Slate has been used as a residential roofing material for hundreds of years because of its natural beauty and durability. It is as tough as rocks, because that is pretty much what slate is. The material is a type of stone that can be found in various parts of the world, and its laminated composition is conducive to being split into tiles of varying thicknesses. Slate's numerous color shades are created by generations of soil conditions in the areas where it is found.
Who makes slate roofing?
Slate is mined in several states in this country with Vermont perhaps being predominant and Pennsylvania, New York, and Virginia not far behind. Once the slate has been removed from the ground, skilled craftsmen use specialized tools to split the stones and cut them into roofing tiles. The shingles are then sold to homeowners and roofing contractors or sent to roofing distribution centers. The tedious process of creating slate shingles and the more budget-friendly roofing options now available have reduced the number of companies that market this timeless product. However, the material's popularity among upscale homeowners allows companies such as these to continue to thrive:
- Greenstone Slate Company
- New England Slate Company
- Roof Tile & Slate Company
- Black Diamond Slate
There are also slate roofing companies in Europe and South America.
Are there different styles of slate roofing?
The primary differences in slate shingles are size, thickness, and color. Length can vary from 12 to 24 inches and width may range from half the length to a maximum of 14 inches. Lengths of 13 inches are rarely found, possibly due to superstitious beliefs through the ages. Standard thicknesses are 1/4-inch to 3/4-inch, and weight differences should be considered when deciding on a size.
Like other types of roofing materials, slate roofing is measured in squares, with a square consisting of 100 square feet of roof area. Greenstone Slate Company's select grade shingles are a uniform 1/4-inch thick and add a load of about 680 to 780 pounds per square to your roof. If you elect to install 3/4-inch thick slate shingles, that load per square can increase to as much as 2,500 to 3,000 pounds, and in most cases your roof framing should be reinforced.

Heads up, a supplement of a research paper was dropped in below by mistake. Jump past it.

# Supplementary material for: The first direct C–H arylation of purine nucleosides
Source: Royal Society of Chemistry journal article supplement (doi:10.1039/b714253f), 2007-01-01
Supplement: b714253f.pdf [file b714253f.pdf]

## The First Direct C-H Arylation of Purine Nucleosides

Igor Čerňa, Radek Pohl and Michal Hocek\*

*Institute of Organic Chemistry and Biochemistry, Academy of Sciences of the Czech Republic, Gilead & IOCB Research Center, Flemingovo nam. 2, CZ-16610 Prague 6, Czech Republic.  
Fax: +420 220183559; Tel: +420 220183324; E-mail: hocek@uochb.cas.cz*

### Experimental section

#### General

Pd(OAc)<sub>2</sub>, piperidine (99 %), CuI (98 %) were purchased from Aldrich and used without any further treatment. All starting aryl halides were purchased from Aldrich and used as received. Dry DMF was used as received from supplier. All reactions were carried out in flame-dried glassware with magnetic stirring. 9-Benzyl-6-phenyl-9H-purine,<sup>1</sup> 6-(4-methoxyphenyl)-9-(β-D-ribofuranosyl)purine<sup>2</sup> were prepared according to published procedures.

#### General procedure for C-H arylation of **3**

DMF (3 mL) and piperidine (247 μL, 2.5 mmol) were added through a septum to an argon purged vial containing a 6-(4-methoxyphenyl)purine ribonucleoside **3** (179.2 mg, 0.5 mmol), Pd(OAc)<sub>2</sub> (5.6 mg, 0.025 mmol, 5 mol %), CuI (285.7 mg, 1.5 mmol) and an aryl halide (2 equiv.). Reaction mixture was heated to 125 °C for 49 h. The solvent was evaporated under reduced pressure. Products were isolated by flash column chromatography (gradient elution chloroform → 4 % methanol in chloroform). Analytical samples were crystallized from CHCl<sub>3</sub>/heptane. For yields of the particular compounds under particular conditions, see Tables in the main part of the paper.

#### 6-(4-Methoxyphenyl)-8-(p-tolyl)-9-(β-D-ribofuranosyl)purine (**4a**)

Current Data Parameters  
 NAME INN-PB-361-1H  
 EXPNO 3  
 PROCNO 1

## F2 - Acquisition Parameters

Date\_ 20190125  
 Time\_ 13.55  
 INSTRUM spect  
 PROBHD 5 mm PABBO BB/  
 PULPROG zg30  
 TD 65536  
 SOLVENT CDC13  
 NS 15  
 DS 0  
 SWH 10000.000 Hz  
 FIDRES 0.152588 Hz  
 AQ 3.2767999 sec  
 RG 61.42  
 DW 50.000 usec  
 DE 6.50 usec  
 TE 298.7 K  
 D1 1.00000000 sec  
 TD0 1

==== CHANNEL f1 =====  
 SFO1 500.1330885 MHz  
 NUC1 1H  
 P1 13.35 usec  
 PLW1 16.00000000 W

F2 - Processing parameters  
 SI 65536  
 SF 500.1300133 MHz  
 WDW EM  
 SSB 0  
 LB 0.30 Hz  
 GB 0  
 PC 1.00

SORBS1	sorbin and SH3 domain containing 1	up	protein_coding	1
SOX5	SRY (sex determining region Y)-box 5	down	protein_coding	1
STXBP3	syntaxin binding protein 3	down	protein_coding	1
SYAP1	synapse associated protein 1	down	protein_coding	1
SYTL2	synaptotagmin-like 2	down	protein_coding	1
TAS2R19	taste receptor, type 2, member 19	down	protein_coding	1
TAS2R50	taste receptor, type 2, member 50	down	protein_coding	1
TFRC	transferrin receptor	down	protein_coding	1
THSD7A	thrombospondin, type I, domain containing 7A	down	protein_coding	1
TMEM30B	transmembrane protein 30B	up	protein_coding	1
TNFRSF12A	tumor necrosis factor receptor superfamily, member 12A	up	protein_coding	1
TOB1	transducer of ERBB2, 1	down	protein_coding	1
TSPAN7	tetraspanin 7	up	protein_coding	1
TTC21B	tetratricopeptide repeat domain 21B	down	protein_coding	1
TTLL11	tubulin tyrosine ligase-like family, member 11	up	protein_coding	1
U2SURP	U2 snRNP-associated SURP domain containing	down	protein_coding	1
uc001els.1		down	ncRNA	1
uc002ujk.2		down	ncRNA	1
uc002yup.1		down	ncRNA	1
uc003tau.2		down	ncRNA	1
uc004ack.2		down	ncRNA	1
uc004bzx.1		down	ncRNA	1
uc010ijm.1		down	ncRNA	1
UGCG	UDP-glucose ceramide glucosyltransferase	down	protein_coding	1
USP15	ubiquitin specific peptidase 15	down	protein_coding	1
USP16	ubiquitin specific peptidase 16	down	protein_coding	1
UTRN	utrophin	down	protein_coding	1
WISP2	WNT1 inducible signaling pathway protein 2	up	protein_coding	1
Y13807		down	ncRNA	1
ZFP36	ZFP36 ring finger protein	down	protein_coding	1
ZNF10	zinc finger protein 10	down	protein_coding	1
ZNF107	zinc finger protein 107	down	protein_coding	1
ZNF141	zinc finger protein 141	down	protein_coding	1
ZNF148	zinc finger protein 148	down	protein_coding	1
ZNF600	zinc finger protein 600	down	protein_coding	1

Slate shingle color options often depend on where the stone is mined, but the following are some of the more common shades:
Many slate roofs have several colors mixed together to create contrasts and patterns that can grow even more beautiful with age.
How much does it cost and how long should it last?
If you want a roofing material that should last longer than you'll be in your home, slate may be your best choice. Slate manufacturers often offer 100-year limited warranties on their products, and there's a very good chance the roofing could last even longer. Slate roofing is also considered to be a green building material due to its longevity, low maintenance and the fact that it can be recycled to another roof in the future.
Slate's primary downside, other than weight, is that the shingles can be costly to purchase and have installed. A square of slate shingles can cost in the range of $350 to $600 depending on size, color and where you are located. If you need to have the shingles shipped a long distance, freight costs can be very high due to the material's weight.
How to get started with slate roofing
The first step in getting slate shingles installed on your home is finding a reputable roofing contractor who has experience working with the material. Not all roofing contractors can install slate. Filling out the form on this page is a good way to locate qualified roofing contractors in your area. You might also ask a local homebuilder who specializes in high-end or custom homes for a recommendation.